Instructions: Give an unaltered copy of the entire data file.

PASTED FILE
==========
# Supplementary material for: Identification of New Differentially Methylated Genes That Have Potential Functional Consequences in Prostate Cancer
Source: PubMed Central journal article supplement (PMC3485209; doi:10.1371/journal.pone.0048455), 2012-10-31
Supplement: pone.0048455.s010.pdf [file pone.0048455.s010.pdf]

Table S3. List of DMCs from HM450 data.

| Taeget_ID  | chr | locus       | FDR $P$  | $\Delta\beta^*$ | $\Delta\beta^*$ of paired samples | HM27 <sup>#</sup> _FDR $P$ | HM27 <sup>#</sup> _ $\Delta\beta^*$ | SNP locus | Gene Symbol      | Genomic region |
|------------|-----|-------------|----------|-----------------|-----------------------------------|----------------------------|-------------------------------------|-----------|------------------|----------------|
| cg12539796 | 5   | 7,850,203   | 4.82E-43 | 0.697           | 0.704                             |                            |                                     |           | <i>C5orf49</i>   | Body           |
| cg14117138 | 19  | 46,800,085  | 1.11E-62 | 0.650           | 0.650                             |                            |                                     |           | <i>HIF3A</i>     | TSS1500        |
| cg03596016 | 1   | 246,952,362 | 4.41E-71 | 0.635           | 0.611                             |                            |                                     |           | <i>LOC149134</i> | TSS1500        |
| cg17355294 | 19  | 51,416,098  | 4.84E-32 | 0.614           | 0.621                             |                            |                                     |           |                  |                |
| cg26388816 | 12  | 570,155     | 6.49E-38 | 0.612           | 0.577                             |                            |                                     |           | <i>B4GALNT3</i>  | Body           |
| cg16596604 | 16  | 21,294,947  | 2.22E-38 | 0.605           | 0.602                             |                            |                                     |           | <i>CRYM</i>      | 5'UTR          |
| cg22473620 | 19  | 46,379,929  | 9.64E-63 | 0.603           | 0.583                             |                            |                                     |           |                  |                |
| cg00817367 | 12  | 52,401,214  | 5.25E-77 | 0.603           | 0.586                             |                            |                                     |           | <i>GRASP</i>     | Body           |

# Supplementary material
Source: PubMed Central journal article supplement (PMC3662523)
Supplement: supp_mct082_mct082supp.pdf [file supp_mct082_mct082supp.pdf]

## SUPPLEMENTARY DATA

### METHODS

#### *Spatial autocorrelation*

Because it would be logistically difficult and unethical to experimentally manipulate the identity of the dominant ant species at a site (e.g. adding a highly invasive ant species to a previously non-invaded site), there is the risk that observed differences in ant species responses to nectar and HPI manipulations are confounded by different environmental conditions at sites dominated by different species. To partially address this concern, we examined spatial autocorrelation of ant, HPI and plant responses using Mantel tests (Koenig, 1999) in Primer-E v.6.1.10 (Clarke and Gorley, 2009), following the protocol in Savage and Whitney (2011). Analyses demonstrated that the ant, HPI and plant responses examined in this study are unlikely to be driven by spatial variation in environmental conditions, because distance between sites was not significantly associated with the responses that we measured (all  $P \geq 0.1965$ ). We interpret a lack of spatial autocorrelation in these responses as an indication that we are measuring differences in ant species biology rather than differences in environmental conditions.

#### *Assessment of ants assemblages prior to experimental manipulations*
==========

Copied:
# Supplementary material for: Identification of New Differentially Methylated Genes That Have Potential Functional Consequences in Prostate Cancer
Source: PubMed Central journal article supplement (PMC3485209; doi:10.1371/journal.pone.0048455), 2012-10-31
Supplement: pone.0048455.s010.pdf [file pone.0048455.s010.pdf]

Table S3. List of DMCs from HM450 data.

| Taeget_ID  | chr | locus       | FDR $P$  | $\Delta\beta^*$ | $\Delta\beta^*$ of paired samples | HM27 <sup>#</sup> _FDR $P$ | HM27 <sup>#</sup> _ $\Delta\beta^*$ | SNP locus | Gene Symbol      | Genomic region |
|------------|-----|-------------|----------|-----------------|-----------------------------------|----------------------------|-------------------------------------|-----------|------------------|----------------|
| cg12539796 | 5   | 7,850,203   | 4.82E-43 | 0.697           | 0.704                             |                            |                                     |           | <i>C5orf49</i>   | Body           |
| cg14117138 | 19  | 46,800,085  | 1.11E-62 | 0.650           | 0.650                             |                            |                                     |           | <i>HIF3A</i>     | TSS1500        |
| cg03596016 | 1   | 246,952,362 | 4.41E-71 | 0.635           | 0.611                             |                            |                                     |           | <i>LOC149134</i> | TSS1500        |
| cg17355294 | 19  | 51,416,098  | 4.84E-32 | 0.614           | 0.621                             |                            |                                     |           |                  |                |
| cg26388816 | 12  | 570,155     | 6.49E-38 | 0.612           | 0.577                             |                            |                                     |           | <i>B4GALNT3</i>  | Body           |
| cg16596604 | 16  | 21,294,947  | 2.22E-38 | 0.605           | 0.602                             |                            |                                     |           | <i>CRYM</i>      | 5'UTR          |
| cg22473620 | 19  | 46,379,929  | 9.64E-63 | 0.603           | 0.583                             |                            |                                     |           |                  |                |
| cg00817367 | 12  | 52,401,214  | 5.25E-77 | 0.603           | 0.586                             |                            |                                     |           | <i>GRASP</i>     | Body           |

# Supplementary material
Source: PubMed Central journal article supplement (PMC3662523)
Supplement: supp_mct082_mct082supp.pdf [file supp_mct082_mct082supp.pdf]

## SUPPLEMENTARY DATA

### METHODS

#### *Spatial autocorrelation*

Because it would be logistically difficult and unethical to experimentally manipulate the identity of the dominant ant species at a site (e.g. adding a highly invasive ant species to a previously non-invaded site), there is the risk that observed differences in ant species responses to nectar and HPI manipulations are confounded by different environmental conditions at sites dominated by different species. To partially address this concern, we examined spatial autocorrelation of ant, HPI and plant responses using Mantel tests (Koenig, 1999) in Primer-E v.6.1.10 (Clarke and Gorley, 2009), following the protocol in Savage and Whitney (2011). Analyses demonstrated that the ant, HPI and plant responses examined in this study are unlikely to be driven by spatial variation in environmental conditions, because distance between sites was not significantly associated with the responses that we measured (all  $P \geq 0.1965$ ). We interpret a lack of spatial autocorrelation in these responses as an indication that we are measuring differences in ant species biology rather than differences in environmental conditions.

#### *Assessment of ants assemblages prior to experimental manipulations*